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The AIP runs a monthly bulletin that goes out to over 4000 scientists, future scientists and those interested in science!

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Previous AIP bulletins can be found here. Bulletins prior to June 2021 can be found here.

  • 1 Sep 2022 12:00 PM | Anonymous

    As reported by the University of New South Wales (UNSW), Sydney.

    UNSW Sydney Vice-Chancellor and President Professor Attila Brungs has announced Scientia Professor Sven Rogge as the new Dean of UNSW Science.

    Prof Rogge is an internationally recognised expert in condensed matter physics and quantum information science. He has held several research and leadership positions at UNSW since joining from Delft University of Technology in The Netherlands in 2011.

    Prof Brungs congratulated Prof Rogge on his appointment and highlighted his strong track record as a leader in both academic research and administration.

    “Prof Rogge will bring enormous experience to his role as faculty dean. Since joining UNSW, he has successfully steered the School of Physics and the Pro Vice-Chancellor, Research portfolio. His research on condensed matter physics, in particular quantum electronics, spans the full funding pipeline from blue sky basic research through to translational applications,” Prof Brungs said.

    “I look forward to working with him as he leads the Science faculty in an exciting time ahead, as innovative technologies and other scientific solutions are developed to address challenges in an uncertain and rapidly changing world.”

    Prof Rogge grew up in Germany and a fascination with science from an early age led him to study Physics at the Karlsruhe Institute of Technology. He then went on to obtain a PhD in Physics from Stanford University in 1997.  He is a Fellow of the American Physical Society, the President of the Australian Institute of Physics, and a program manager at the Australian Research Council’s Centre for Quantum Computation and Communication Technology.

    As an experimental physicist, his research focuses on quantum systems in a solid-state environment and their translation to applications in quantum materials and technology. His work on gaining atomistic insight into the interactions of quantum objects, such as atoms and qubits, is a key component in Australia’s world-leading progress in quantum physics.

    Prof Rogge said he was honoured to be appointed Dean of Science.

    “UNSW is one of Australia’s leading universities for science education and research. Our staff and students learn and specialise in a broad spectrum of scientific disciplines as they strive to help overcome many of the most pressing challenges facing our world today,” Prof Rogge said.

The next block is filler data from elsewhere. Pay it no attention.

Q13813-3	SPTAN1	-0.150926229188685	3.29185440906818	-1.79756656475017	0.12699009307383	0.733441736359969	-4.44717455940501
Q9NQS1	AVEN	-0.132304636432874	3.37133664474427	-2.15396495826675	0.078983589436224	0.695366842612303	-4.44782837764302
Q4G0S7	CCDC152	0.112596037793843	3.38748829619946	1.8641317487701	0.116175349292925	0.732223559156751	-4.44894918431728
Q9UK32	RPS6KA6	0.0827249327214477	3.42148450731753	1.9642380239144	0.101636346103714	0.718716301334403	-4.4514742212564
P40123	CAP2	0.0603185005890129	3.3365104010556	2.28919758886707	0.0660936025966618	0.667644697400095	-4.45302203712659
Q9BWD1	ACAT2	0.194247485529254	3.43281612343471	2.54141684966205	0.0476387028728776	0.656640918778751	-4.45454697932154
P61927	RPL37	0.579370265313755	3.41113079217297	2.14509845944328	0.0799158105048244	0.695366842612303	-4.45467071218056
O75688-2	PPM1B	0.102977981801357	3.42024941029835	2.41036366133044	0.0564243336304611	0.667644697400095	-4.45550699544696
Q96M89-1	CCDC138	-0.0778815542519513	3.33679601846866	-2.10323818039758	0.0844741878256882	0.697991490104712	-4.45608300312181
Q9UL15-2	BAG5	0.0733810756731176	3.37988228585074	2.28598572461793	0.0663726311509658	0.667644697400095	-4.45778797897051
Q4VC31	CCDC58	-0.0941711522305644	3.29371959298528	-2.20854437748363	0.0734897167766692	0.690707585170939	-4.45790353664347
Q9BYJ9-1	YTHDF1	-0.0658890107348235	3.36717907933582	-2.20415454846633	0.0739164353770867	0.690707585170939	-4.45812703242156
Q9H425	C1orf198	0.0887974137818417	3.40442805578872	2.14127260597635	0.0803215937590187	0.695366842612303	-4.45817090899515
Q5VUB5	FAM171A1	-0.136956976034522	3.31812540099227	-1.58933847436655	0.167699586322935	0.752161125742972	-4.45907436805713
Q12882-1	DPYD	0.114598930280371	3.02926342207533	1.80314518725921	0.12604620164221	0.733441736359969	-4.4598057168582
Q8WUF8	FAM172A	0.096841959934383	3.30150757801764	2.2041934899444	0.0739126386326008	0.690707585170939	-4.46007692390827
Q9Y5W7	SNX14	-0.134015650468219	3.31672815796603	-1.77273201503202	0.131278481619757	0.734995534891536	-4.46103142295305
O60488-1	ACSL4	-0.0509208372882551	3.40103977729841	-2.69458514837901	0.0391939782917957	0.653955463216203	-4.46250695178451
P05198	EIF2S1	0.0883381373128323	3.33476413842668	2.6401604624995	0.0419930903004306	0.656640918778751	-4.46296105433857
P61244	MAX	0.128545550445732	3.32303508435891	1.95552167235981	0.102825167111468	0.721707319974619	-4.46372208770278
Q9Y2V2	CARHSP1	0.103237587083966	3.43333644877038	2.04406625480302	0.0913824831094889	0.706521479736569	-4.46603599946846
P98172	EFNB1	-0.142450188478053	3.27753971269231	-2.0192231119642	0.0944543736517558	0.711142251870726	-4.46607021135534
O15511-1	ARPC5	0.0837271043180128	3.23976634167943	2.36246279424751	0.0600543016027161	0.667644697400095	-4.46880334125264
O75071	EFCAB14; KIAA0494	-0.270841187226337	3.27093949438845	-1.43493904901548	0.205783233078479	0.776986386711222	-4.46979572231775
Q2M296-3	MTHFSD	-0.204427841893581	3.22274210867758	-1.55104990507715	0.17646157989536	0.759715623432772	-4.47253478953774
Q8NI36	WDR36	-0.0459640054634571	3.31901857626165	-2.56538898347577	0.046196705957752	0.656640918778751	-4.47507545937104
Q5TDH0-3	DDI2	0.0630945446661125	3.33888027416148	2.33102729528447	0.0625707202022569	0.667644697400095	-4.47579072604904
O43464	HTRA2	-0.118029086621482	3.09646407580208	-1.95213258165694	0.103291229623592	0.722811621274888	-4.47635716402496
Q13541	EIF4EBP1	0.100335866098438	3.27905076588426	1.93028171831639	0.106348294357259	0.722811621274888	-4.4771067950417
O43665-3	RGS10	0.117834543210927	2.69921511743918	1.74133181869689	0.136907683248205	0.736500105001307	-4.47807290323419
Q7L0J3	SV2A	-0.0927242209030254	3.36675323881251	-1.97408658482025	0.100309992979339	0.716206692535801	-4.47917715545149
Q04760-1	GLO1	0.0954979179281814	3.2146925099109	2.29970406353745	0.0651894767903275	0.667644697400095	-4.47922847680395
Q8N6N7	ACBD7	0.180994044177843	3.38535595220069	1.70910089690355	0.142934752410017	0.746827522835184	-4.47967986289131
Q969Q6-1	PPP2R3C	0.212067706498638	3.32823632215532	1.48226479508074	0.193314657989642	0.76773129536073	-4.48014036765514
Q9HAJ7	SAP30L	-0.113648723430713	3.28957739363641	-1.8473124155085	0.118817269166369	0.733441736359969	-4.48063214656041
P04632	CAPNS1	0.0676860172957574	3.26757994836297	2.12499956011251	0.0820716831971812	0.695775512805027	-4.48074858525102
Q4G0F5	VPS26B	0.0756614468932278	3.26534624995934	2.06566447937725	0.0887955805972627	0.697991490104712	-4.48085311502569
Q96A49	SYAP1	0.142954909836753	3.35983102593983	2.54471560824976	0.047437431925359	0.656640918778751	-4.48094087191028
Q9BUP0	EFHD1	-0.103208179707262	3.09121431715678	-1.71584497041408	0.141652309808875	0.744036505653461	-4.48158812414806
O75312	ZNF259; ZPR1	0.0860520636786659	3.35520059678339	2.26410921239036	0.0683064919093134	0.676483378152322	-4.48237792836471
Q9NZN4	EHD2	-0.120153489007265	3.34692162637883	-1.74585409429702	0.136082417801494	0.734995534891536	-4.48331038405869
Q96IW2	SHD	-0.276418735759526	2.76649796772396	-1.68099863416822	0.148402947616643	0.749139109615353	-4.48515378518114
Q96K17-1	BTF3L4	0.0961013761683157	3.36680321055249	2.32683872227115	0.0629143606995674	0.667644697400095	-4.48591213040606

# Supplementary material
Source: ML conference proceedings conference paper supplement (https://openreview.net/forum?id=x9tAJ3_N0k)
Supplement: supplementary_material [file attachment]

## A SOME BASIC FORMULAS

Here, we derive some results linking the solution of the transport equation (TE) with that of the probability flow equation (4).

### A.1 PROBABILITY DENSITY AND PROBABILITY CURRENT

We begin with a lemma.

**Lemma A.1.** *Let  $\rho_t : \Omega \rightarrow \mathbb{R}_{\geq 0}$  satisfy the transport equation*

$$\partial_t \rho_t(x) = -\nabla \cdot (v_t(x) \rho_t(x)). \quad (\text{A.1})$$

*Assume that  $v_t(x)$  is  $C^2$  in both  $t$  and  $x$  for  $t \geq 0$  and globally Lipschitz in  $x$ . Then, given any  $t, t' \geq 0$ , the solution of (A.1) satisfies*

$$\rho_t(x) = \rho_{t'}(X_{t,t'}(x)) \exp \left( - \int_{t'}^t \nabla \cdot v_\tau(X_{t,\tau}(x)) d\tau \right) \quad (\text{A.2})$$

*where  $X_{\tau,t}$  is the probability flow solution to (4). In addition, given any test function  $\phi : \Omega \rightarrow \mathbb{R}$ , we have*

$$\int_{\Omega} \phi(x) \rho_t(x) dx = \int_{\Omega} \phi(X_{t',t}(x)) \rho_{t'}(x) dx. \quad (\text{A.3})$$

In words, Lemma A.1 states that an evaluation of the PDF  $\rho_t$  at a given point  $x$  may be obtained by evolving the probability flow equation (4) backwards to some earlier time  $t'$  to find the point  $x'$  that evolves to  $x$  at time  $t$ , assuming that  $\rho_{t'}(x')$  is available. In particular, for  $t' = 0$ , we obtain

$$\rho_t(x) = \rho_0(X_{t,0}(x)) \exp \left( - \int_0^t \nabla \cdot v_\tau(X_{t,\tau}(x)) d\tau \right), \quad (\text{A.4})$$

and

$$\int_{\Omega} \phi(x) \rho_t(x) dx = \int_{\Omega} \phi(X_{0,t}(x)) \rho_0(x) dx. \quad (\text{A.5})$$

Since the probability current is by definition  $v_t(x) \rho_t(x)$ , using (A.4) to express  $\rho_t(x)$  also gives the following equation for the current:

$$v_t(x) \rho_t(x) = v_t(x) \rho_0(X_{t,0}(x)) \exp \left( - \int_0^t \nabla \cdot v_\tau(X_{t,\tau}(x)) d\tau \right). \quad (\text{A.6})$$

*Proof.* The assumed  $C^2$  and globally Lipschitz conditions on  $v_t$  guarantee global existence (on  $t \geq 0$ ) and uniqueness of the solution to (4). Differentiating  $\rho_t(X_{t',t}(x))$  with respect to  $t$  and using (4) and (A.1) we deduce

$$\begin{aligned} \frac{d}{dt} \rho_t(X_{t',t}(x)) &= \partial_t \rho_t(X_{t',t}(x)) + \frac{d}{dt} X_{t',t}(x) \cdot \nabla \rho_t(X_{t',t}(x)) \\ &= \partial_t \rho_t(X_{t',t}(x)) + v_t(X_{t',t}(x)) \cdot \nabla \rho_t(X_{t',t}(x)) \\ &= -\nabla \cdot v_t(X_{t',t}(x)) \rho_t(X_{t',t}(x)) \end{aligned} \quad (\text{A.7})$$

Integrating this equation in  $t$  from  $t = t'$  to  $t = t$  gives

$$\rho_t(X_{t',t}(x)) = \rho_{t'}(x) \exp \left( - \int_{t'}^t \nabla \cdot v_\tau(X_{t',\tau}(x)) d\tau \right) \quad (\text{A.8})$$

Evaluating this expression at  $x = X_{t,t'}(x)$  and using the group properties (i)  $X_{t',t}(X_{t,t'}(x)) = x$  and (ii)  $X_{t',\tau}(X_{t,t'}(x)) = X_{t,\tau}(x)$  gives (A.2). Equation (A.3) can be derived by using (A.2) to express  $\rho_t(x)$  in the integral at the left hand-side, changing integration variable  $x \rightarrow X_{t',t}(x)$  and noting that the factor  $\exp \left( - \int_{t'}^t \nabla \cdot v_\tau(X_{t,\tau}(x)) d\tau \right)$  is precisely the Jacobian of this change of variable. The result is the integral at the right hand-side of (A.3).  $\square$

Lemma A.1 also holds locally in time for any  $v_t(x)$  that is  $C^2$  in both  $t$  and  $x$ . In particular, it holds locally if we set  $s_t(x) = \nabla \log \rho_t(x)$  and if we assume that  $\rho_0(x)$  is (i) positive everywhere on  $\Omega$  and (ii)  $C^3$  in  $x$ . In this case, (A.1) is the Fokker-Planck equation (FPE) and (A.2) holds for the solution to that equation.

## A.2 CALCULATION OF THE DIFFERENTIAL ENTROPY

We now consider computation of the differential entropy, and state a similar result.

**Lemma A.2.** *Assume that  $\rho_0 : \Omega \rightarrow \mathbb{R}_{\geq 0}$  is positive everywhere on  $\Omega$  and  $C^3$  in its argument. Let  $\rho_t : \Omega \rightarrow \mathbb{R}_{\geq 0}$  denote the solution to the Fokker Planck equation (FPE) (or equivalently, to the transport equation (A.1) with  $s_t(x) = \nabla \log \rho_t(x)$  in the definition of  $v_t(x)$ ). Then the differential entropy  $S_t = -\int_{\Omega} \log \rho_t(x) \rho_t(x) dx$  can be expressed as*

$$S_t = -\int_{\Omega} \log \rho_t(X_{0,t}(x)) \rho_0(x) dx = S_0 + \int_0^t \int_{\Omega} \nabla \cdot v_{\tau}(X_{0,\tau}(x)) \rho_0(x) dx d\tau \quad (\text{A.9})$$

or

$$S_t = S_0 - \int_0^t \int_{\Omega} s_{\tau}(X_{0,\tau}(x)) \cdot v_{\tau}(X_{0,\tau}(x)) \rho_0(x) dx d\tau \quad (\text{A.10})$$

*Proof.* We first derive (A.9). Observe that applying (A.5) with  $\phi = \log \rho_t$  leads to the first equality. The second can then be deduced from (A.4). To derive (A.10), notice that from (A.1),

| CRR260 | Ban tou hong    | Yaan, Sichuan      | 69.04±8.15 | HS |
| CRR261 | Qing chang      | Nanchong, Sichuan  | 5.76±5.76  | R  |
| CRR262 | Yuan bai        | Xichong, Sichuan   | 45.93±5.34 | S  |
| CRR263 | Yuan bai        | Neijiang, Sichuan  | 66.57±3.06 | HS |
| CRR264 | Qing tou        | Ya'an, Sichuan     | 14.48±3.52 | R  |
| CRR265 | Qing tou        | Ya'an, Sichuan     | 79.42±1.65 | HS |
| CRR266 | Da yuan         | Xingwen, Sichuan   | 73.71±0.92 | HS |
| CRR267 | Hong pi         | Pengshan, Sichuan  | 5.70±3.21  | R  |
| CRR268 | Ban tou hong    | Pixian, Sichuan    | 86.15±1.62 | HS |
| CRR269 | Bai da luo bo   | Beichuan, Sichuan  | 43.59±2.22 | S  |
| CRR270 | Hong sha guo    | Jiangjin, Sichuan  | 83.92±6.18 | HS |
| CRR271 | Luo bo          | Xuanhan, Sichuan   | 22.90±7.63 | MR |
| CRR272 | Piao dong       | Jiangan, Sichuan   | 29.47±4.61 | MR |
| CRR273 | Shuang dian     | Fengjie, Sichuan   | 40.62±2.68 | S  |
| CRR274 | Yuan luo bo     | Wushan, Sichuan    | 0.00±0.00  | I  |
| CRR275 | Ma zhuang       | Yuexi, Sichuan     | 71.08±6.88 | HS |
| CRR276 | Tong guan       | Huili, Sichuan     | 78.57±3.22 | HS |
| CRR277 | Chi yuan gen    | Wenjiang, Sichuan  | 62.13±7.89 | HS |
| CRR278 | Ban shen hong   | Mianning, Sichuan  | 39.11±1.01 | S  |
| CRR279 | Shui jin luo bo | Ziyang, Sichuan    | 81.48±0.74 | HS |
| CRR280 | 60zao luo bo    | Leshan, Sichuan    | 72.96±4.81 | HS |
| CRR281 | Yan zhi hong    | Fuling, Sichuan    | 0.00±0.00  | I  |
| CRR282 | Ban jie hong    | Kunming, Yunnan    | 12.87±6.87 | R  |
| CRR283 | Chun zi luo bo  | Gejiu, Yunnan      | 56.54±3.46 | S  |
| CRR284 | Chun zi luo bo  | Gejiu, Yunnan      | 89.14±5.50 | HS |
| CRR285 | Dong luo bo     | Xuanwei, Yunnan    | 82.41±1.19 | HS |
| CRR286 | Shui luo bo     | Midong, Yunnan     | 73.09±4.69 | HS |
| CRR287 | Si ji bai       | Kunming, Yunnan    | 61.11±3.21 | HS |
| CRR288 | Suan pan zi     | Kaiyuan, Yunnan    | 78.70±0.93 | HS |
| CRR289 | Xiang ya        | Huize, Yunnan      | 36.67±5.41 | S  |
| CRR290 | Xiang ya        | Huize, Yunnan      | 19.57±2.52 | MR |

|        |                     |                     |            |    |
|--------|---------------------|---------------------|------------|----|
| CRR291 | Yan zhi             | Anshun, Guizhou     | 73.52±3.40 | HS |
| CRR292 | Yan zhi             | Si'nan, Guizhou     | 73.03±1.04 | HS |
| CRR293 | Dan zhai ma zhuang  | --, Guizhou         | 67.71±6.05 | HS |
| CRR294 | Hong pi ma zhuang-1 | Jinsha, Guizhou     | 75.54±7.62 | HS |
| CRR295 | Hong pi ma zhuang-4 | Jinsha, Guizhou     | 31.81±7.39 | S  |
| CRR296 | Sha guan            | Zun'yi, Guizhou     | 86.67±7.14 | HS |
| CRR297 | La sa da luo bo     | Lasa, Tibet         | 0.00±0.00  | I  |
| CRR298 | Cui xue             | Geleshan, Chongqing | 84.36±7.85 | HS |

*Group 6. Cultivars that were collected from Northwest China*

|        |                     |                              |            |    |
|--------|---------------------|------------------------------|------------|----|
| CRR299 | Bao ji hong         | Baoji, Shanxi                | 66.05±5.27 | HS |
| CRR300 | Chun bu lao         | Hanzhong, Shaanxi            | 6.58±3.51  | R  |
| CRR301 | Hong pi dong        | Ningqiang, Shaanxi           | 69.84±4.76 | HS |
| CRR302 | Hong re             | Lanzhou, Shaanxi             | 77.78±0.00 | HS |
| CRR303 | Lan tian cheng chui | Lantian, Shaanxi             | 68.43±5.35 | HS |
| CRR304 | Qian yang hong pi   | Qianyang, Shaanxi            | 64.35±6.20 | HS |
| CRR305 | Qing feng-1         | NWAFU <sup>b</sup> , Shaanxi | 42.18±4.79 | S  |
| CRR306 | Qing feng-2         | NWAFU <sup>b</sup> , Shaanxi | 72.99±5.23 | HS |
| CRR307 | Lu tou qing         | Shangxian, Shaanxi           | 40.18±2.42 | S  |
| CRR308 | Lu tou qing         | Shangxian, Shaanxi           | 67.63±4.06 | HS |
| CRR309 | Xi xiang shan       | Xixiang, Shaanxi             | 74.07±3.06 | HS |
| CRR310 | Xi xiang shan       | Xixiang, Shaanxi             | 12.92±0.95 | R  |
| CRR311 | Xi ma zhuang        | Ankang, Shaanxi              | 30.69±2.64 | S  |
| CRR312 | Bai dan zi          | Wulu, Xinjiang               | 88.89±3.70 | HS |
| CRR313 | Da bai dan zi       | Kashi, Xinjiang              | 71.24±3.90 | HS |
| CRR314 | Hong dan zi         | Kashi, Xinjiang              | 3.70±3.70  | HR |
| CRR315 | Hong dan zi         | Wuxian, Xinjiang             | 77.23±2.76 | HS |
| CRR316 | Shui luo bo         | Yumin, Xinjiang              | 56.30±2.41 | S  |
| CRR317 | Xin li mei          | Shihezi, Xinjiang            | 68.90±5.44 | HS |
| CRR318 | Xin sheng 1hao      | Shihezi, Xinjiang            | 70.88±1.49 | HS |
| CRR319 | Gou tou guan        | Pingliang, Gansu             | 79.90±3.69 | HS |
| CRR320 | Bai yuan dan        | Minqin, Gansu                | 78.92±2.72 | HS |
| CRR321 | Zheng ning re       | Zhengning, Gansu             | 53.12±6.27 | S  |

“I look forward to continuing my work on the University leadership team as the Dean of Science. I think the role of the faculty is to educate students in critical thinking and give them a toolbox of analytical skills that will ready them for a diverse and rewarding career. We also have a responsibility to drive research that will guide Australia into a sustainable future with new insights from ageing well to quantum technologies.”

    Prof. Rogge will start in his new role on 10 October 2022.


    Read the full media release here.

    Photo credit: UNSW Sydney.

  • 1 Sep 2022 12:00 PM | Anonymous

    AIP Vice President elected as Council member

    The Australian physics community will continue to be well-represented at the Association of Asia Pacific Physical Societies (AAPPS) with the recent election of our VP Professor Nicole Bell as one of 15 Council members for 2023 – 2025.

    She will follow in the footsteps of our Immediate Past President, Professor Jodie Bradby, whose term as Council member ends this year. Other past Council members include AIP Fellows Dr Cathy Foley, Prof Robert Robinson, and Dr Marc Duldig.

    The AAPPS is an umbrella organisation of 20 physical societies in the Asia Pacific region, of which the AIP is part. It was founded in October 1989 with the aim to promote the advancement of physics knowledge in the region, encompassing research, applications, and teaching, especially through international collaboration.

    The activities of the AAPPS include organisation of the triennial Asia Pacific Physics Conference, collaboration with other organisations such the American Physical Society, and encouraging young physics researchers through the C. N. Yang Award. 

    Last month, the AAPPS and the Korean Physical Society held the 15th Asia Pacific Physics Conference (APPC15) online.

    The newly elected AAPPS Council members are:

    1. Nicole F. BELL (Australian Institute of Physics)

    2. Xiudong SUN (The Chinese Physical Society, Beijing)

    3. Tao XIANG (The Chinese Physical Society, Beijing)

    4. Ruiqin ZHANG (The Physical Society of Hong Kong)

    5. Mio MURAO (The Physical Society of Japan)

    6. SHEN Qing (The Japan Society of Applied Physics)

    7. Hyoung Joon CHOI (The Korean Physical Society)

    8. Jae-Hyung JEON (The Korean Physical Society)

    9. Keun-Young KIM (The Korean Physical Society)

    10. Kurunathan RATNAVELU (Malaysian Institute of Physics)

    11. Narayan Prasad CHAPAGAIN (Nepal Physical Society)

    12. Rajdeep Singh RAWAT (Institute of Physics Singapore)